This week I read I book I’ve been meaning to get around to for quite some time: Joel on Software by Joel Spolsky. Its a collection of posts off his popular blog of the same name with a nice fancy cover on it and the occasional postscript if anything’s changed drastically since he wrote it. It’s pretty much all software engineering and, like last week’s book, is an easy read.
As it’s a collection of blog posts in book form, there’s relatively no continuity between the chapters of the book. Occasionally the chapters will reference each other or use a concept discussed earlier, but it’s not terribly often. That being said, I like the blog posts picked for the book. Most of them do an excellent job of giving you insight into software engineering and into the world Joel and his team programs in, namely the Windows programming world. It’s more vital for me that Windows is discussed since my undergraduate life was essentially Java, platform-independent but as a result, no platforms really got good coverage. I’ve come across many Unix programmers as well but not really too many Windows programmers, and hearing some solid evidence as to why Microsoft isn’t a terrible place (as you would be led to believe from your standard religious flamewar) is good to hear.
My favorite two chapters / posts are Chapter 2, “Back to Basics”, and Chapter 12, “Five Worlds”. The former is an excellent selling point on why you need to know C (another wonderful one is here), while the latter breaks up software development into five distinct categories that match up effortlessly with the real world. While there are several other amazing chapters, these two either clued me on on things that weren’t apparently obvious to me and gave me better ways to describe things I already had in my head. These feelings are definitely what sold me on the book and what make it a great read.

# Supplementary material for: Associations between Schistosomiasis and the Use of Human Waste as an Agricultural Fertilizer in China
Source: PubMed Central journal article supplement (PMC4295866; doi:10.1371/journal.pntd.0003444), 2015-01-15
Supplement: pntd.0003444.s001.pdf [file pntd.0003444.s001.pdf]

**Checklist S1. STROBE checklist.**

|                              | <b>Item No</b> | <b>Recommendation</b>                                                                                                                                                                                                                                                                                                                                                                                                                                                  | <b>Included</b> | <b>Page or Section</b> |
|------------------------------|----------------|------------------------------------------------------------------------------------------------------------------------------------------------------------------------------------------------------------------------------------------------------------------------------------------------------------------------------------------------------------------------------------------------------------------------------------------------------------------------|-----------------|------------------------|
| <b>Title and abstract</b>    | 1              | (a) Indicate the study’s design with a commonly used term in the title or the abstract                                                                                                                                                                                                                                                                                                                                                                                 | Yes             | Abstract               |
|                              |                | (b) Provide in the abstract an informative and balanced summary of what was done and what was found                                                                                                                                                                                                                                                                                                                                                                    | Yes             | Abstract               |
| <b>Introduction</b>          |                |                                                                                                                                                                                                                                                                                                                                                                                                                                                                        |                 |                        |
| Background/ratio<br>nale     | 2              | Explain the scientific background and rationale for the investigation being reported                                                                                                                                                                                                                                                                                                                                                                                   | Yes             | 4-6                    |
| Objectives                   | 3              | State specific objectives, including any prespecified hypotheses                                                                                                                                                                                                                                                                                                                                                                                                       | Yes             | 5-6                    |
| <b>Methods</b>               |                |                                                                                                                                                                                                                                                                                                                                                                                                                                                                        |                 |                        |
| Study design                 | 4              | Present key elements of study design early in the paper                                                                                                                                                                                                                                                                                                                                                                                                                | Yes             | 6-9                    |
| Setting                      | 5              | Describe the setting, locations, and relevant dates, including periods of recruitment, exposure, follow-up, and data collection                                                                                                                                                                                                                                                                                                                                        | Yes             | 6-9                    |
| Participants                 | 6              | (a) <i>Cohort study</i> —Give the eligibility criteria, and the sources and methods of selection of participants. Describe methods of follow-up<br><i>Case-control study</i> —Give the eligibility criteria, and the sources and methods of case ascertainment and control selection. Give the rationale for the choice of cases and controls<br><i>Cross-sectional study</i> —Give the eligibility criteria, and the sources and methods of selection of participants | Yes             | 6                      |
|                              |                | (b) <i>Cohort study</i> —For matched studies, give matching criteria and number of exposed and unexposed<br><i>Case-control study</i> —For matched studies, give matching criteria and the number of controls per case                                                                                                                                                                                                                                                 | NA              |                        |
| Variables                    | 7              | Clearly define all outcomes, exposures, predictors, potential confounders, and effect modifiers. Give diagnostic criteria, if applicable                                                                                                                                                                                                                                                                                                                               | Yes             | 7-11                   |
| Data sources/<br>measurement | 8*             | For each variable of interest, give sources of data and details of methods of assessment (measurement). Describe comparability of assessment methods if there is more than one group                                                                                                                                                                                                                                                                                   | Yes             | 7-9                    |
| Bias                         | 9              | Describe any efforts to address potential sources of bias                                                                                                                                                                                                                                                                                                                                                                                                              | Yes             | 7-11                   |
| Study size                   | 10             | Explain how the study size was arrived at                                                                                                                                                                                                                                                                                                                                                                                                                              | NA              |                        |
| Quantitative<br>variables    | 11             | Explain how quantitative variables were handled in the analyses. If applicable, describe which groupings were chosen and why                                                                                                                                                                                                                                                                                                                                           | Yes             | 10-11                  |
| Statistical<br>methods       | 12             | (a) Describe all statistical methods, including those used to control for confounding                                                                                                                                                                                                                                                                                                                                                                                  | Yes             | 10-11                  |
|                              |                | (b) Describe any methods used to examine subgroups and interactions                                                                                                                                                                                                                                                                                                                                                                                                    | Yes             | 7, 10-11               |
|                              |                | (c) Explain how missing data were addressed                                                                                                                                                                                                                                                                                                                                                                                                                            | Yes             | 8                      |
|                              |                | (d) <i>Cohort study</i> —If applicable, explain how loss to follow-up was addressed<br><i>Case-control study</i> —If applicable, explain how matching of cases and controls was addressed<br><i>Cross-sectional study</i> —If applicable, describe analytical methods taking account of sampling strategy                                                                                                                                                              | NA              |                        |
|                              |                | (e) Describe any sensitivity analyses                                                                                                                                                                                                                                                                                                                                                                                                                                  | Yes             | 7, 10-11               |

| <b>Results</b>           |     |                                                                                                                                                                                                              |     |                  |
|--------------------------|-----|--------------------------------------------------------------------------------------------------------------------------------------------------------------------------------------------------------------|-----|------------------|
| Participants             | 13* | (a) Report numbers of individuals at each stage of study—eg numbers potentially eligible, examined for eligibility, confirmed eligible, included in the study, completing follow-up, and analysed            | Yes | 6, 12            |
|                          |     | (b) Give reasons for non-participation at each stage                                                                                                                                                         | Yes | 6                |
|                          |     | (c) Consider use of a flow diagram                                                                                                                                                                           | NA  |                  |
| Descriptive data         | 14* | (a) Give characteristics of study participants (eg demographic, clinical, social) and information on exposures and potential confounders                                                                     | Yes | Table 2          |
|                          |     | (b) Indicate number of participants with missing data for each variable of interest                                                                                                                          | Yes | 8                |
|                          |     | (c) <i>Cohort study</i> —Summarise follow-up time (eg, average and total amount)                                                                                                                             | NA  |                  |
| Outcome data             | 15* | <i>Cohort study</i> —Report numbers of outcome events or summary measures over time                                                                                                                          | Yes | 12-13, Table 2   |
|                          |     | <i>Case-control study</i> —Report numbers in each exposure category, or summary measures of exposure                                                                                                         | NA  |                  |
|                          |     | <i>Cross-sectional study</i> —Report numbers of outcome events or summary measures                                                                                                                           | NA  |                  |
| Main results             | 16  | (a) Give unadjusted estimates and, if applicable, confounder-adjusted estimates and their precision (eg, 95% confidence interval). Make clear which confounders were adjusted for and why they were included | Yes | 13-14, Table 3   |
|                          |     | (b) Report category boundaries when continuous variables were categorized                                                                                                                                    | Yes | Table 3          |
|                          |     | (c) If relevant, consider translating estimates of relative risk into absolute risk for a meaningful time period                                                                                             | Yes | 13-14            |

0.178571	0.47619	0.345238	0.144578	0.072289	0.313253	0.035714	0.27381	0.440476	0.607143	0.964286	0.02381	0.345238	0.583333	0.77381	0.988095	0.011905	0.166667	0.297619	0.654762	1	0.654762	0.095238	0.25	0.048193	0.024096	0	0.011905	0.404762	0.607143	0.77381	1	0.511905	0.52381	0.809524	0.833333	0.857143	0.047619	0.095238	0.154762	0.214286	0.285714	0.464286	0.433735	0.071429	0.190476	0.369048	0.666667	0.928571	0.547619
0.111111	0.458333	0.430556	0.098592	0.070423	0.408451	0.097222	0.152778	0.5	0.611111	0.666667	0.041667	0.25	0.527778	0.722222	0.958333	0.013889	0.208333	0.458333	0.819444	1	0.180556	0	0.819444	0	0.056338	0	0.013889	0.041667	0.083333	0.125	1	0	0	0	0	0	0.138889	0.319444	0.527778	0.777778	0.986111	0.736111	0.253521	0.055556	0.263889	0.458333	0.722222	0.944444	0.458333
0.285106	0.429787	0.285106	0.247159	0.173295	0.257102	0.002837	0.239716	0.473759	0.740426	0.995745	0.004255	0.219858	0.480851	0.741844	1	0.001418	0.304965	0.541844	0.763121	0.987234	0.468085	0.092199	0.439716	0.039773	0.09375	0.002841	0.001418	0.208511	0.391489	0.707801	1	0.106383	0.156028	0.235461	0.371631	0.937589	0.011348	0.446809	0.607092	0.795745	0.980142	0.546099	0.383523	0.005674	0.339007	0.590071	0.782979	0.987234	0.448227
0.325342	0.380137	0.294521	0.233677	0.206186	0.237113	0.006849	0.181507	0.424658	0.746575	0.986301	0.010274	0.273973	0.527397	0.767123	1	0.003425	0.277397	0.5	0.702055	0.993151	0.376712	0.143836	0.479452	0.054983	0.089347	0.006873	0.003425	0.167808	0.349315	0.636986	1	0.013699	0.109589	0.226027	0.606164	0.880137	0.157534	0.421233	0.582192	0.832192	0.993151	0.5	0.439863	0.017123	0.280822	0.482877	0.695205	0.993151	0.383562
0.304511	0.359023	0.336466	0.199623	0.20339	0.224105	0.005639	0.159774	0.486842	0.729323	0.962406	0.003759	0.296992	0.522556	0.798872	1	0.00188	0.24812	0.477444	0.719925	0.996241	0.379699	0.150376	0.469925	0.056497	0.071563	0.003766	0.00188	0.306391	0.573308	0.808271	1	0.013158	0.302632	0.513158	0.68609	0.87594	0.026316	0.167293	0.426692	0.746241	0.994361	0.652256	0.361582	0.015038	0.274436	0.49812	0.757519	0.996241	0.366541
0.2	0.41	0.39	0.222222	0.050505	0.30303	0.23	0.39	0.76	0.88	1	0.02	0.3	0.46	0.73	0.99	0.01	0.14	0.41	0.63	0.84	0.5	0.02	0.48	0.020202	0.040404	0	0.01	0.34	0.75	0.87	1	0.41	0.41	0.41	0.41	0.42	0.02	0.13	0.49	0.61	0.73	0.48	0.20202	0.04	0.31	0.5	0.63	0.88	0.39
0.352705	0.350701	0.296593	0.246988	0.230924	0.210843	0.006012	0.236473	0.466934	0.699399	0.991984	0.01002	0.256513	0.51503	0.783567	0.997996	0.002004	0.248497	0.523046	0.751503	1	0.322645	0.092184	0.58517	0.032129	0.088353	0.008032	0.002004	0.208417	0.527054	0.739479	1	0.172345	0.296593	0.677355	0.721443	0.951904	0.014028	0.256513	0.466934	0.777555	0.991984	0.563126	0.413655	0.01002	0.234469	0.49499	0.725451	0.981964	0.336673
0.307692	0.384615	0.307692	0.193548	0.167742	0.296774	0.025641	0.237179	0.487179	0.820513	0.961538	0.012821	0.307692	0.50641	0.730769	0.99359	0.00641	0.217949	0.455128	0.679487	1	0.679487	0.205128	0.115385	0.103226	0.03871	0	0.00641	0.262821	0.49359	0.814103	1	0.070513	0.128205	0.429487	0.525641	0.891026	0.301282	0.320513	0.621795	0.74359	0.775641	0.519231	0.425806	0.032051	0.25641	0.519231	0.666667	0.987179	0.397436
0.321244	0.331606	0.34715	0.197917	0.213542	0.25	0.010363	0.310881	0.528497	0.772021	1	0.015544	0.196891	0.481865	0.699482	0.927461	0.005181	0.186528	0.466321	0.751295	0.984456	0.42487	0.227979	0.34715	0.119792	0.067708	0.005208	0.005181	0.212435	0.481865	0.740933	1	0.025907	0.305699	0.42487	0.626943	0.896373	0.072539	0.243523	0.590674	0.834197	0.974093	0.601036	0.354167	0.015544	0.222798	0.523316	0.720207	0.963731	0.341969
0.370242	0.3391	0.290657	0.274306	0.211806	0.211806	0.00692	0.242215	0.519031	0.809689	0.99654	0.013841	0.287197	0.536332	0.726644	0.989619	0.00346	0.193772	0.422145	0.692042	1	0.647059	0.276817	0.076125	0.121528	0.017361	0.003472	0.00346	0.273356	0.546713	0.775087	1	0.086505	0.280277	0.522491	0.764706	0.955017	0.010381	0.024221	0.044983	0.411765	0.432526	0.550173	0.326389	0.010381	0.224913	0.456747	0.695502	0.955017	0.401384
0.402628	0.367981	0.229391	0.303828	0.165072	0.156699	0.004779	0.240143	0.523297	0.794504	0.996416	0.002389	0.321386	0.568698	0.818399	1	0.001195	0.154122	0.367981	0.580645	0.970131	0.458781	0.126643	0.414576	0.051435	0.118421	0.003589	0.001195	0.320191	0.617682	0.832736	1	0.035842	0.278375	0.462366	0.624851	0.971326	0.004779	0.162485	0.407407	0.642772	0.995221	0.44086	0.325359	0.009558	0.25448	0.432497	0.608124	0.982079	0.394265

As already said, most of the book is pretty solid stuff. Unfortunately, it ends a little weak with a section called “Ask Joel”, which consists of questions posed to Joel on his forum and his responses. Most of the questions are off-topic to the book (like why groceries are double-bagged) and the ones that aren’t directly refer to previous chapters, so they’re nothing new. I think it would have been better to omit that chapter altogether or replace it with another blog post.
The book is also aimed more aimed at a managerial level, so although there’s a few sections on coding and the like, the main focus of the book is really on manager stuff, like hiring people the right way and how to get your product to a better market share than your competitors. Of course there’s nothing wrong with that, just keep in mind you’re getting a ‘best practices’ book on operating your company rather than a ‘best practices’ book on coding. This book definitely does a great job on the former; for the latter you should seek out Code Complete (which if you’re serious about coding you already own). I haven’t read Joel’s other books, so I can’t really compare this to the others, so drop a line if you have and have any thoughts. However, this one’s a good book and I definitely recommend it.